MOVIES
Review

Any way you slice it, 'Boxtrolls' is an unwieldy visual feast

Review: 'The Boxtrolls' has inventive visuals galore but can't reign in an unwieldy, complex story

Many intriguing unlovelies are found in "The Boxtrolls," a new 3-D animated fable that lifts liberally from the sketches and dark sensibility of Alan Snow's creepy-good children's novel "Here Be Monsters."

A rich voice cast adds oomph, led by a vamping Ben Kingsley as villainous Archibald Snatcher and seductive chanteuse Madame Frou Frou — amazing what a plunging neckline and lipstick can disguise.

He is joined by a feisty Elle Fanning, a priggish Jared Harris, a conflicted Isaac Hempstead Wright and off-the-wall Simon Pegg, along with a mischievous crew of bad bunglers in Tracy Morgan, Richard Ayoade and Nick Frost.

Exceptional stop-motion animation sends the boxtrolls themselves scurrying through artfully designed piles of debris that litter the Victorian-era village of Cheesebridge. Nearly everyone and everything is in jeopardy — the trolls, the citizens, their precious stinky cheese.

Such a top-heavy creative slate should deliver a great deal of delight. So why does "The Boxtrolls" slip and slide so perilously?

Directed by Anthony Stacchi and Graham Annable, the stumbling is primarily the result of an unwieldy story that reels wildly around a series of complicated issues. The animation and the plotting vie for attention, at times more at odds than Cheesebridge and the trolls. It muddies the most important question hanging over the town like a ripe Limburger: Who are the real monsters?

Even so, the latest film from Laika, the Oregon-animated force behind Oscar animation nominees "Coraline" and "ParaNorman," has many charms. That signature off-center orientation and the devotion to outsiders is always welcome in the animation house. And in the current conversation over what makes a family these days, boxtrolls make a good case for embracing different.

The movie is shaped by the complex societies that live above and below ground in Cheesebridge — people above, monsters beneath, or so the conventional wisdom goes. Tensions arise when the denizens of the two worlds collide.

Irena Brignull and Adam Pava's script is ambitious in its sheer conflict count. Wedged between the exclusive cheese-tasting parties there is a tale of social and economic class divides. Wrapped up in a bow and a party dress is Winnie (Fanning), an ignored and angry child of privilege.

In the elaborate civilization down under, there is Eggs (Wright), the foundling the boxtrolls have raised since he was a babe. He's quite happy in his boxtroll life until Winnie points out he is not a boxtroll at all but a boy. Cue identity crisis.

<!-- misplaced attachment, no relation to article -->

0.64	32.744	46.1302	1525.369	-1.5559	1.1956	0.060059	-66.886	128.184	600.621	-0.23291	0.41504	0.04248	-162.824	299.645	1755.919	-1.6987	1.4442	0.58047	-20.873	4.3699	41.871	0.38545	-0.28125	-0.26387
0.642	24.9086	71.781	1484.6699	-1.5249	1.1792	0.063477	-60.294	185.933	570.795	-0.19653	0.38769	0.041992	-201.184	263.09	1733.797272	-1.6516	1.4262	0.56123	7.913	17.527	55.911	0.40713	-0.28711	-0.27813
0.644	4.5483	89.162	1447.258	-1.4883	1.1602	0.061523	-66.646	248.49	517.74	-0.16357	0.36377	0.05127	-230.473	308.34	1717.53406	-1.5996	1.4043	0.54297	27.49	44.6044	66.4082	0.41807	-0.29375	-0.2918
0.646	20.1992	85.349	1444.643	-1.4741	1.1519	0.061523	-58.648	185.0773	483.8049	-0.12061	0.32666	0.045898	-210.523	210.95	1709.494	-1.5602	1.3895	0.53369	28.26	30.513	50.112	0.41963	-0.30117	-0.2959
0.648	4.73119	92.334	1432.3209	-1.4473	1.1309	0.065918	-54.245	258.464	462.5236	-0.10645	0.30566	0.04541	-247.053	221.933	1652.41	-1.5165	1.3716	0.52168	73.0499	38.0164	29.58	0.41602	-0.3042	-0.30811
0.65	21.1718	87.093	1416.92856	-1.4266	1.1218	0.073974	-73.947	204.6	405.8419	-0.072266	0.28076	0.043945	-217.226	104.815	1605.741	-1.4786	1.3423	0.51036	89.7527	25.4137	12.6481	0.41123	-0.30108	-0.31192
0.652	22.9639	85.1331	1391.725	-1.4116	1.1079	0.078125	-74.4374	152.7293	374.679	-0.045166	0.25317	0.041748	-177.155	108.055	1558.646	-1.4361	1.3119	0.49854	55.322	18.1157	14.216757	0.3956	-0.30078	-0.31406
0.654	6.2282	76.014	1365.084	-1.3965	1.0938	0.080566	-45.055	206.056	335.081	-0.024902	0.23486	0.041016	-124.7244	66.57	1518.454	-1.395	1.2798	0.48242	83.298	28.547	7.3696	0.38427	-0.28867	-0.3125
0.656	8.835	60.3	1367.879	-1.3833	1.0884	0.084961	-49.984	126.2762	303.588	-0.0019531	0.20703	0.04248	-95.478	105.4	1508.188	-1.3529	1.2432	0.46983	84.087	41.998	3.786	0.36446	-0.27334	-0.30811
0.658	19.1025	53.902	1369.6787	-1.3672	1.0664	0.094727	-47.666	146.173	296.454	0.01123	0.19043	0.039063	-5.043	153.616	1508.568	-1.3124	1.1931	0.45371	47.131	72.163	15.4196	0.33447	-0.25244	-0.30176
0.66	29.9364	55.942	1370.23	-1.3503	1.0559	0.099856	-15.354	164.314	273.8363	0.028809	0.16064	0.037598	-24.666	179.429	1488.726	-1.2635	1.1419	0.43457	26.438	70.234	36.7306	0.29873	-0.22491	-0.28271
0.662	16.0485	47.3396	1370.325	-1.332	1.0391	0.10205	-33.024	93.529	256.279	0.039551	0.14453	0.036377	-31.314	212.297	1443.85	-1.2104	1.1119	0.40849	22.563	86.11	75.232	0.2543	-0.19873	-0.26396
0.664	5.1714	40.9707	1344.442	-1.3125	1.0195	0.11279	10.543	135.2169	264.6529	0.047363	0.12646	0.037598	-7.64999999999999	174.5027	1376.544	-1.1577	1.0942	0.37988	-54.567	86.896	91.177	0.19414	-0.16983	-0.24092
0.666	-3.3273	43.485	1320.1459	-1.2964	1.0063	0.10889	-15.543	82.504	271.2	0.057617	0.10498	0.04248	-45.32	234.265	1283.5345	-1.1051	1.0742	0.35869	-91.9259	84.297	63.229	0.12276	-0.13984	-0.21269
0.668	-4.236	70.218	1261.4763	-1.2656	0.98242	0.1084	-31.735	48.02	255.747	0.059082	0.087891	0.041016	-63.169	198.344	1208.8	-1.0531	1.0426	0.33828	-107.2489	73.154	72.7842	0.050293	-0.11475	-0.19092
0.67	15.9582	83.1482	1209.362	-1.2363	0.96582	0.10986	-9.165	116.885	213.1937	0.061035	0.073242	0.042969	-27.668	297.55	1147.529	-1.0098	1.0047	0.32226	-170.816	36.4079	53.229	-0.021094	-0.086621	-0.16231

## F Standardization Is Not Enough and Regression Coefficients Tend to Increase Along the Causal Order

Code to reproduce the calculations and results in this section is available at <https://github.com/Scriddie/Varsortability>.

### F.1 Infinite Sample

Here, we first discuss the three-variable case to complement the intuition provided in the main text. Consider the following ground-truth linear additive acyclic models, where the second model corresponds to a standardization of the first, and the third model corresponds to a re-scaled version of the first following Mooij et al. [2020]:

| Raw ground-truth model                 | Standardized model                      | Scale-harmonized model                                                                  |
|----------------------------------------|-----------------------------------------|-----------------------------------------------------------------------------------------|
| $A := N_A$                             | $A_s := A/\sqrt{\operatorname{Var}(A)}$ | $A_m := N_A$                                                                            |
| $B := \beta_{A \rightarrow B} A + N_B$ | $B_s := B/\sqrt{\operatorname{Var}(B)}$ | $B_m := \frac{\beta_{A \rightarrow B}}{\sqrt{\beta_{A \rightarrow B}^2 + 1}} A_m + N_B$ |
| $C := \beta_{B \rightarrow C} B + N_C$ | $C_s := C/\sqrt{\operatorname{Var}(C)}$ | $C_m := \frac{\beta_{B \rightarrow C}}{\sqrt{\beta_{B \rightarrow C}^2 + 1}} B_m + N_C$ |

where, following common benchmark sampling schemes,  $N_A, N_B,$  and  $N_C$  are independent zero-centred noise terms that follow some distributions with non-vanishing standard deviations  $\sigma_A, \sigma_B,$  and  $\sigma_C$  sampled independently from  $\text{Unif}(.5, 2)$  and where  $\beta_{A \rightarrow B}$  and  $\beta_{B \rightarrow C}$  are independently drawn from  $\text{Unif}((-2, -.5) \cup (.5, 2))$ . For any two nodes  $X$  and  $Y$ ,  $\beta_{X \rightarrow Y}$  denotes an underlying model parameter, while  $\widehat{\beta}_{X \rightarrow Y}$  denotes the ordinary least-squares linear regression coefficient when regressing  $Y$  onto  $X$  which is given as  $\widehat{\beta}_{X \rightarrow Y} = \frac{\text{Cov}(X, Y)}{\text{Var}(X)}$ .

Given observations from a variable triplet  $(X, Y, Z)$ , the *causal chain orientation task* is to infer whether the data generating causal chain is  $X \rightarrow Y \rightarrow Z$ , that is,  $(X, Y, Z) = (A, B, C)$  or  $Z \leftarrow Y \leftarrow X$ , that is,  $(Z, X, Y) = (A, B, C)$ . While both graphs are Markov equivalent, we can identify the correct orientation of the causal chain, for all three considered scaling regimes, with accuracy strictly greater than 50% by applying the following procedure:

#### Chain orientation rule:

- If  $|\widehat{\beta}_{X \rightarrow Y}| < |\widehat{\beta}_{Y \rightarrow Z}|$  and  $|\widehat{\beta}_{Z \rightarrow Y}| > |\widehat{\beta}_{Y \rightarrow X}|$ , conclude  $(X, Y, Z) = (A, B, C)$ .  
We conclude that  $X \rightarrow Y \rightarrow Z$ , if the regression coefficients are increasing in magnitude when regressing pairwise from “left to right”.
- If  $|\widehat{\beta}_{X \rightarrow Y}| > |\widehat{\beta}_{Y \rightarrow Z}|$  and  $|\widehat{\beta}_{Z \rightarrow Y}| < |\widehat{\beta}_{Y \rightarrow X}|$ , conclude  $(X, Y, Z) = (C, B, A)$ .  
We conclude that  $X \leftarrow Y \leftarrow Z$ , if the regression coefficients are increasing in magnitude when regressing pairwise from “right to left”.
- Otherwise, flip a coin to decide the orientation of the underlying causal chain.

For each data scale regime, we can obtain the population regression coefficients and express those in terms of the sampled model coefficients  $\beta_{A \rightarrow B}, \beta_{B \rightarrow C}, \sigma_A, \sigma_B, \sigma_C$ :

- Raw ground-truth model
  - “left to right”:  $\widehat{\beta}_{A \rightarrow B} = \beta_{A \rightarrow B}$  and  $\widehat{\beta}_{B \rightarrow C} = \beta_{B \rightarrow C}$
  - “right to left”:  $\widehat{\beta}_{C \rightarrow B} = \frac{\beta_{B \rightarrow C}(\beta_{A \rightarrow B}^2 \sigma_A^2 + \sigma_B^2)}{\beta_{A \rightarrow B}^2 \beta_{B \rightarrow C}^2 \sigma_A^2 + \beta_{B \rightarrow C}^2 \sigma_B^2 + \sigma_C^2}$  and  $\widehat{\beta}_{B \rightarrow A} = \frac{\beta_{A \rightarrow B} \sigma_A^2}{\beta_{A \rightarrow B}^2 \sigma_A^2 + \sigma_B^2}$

Herbert Trubshaw (Pegg) is a mysterious inventor whose revolutionary ideas are considered a threat. He becomes a significant factor in part because he's long been a boxtroll friend. The fear of the monsters is fueled by ignorance.

Winnie's father, Lord Portley-Rind (Harris, best known here as "Mad Men's" British interloper Lane Pryce) represents the upper tier of Cheesebridge's upper crust. Busy hosting elegant cheese soirees for his White Hatted friends, he barely has time for his precocious daughter.

As vexed as Winnie is, nothing compares to the discontent of Archibald Snatcher, a man desperate to wear a white hat, to smell the cheese.

The bulk of the action is tied to his increasingly elaborate schemes to do exactly that — all involve eliminating Cheesebridge's boxtrolls. His trio of Red Hats — Mr. Pickles (Ayoade), Mr. Gristle (Morgan) and Mr. Trout (Frost) — are ostensibly there to assist.

The boxtrolls are by far the movie's most interesting species. Shy creatures of various shapes and sizes, they are defined in many ways by the discarded cardboard boxes they use for clothing and hiding. Their names are drawn from the labels stamped on their box, which is how Eggs got his.

The boxtrolls world is especially inventive with all its recycled sprockets and gears; metal is the only thing they like more than cardboard. In looks, the creatures are cut from a mold that is more clever than cute. Typical is Fish (voiced by Dee Bradley Baker, who also handles Wheels and Bucket). Eggs' surrogate father is an easy-to-love boxtroll with googly eyes, a goofy smile, a slight drool and a gentle heart.

But rather than develop its characters, the film expends its energy ginning up spectacular venues to showcase the push-and-pull of the various factions. When Snatcher turns up on stage disguised as Madame Frou Frou, the better to manipulate the White Hat society, my dear, it delivers some Broadway-esque fun — Kingsley's a hoot as a boa-clad crooner — but also feels, well, staged.

It's a frustration.

You can see the years of effort, the polish and precision that went into creating "The Boxtrolls." The details are impressive: 190 puppets built, 79 sets constructed, 20,000 handmade props, 200 costumes, 26 locations, 56 cameras, 892 lights, 53,000 face parts.... But somehow it still doesn't add up to enough.

Follow me on Twitter: @BetsySharkey

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'The Boxtrolls'

MPAA rating: PG for action, some peril and mild rude humor

Running time: 1 hour, 36 minutes

Playing: In general release

Copyright © 2016, Los Angeles Times
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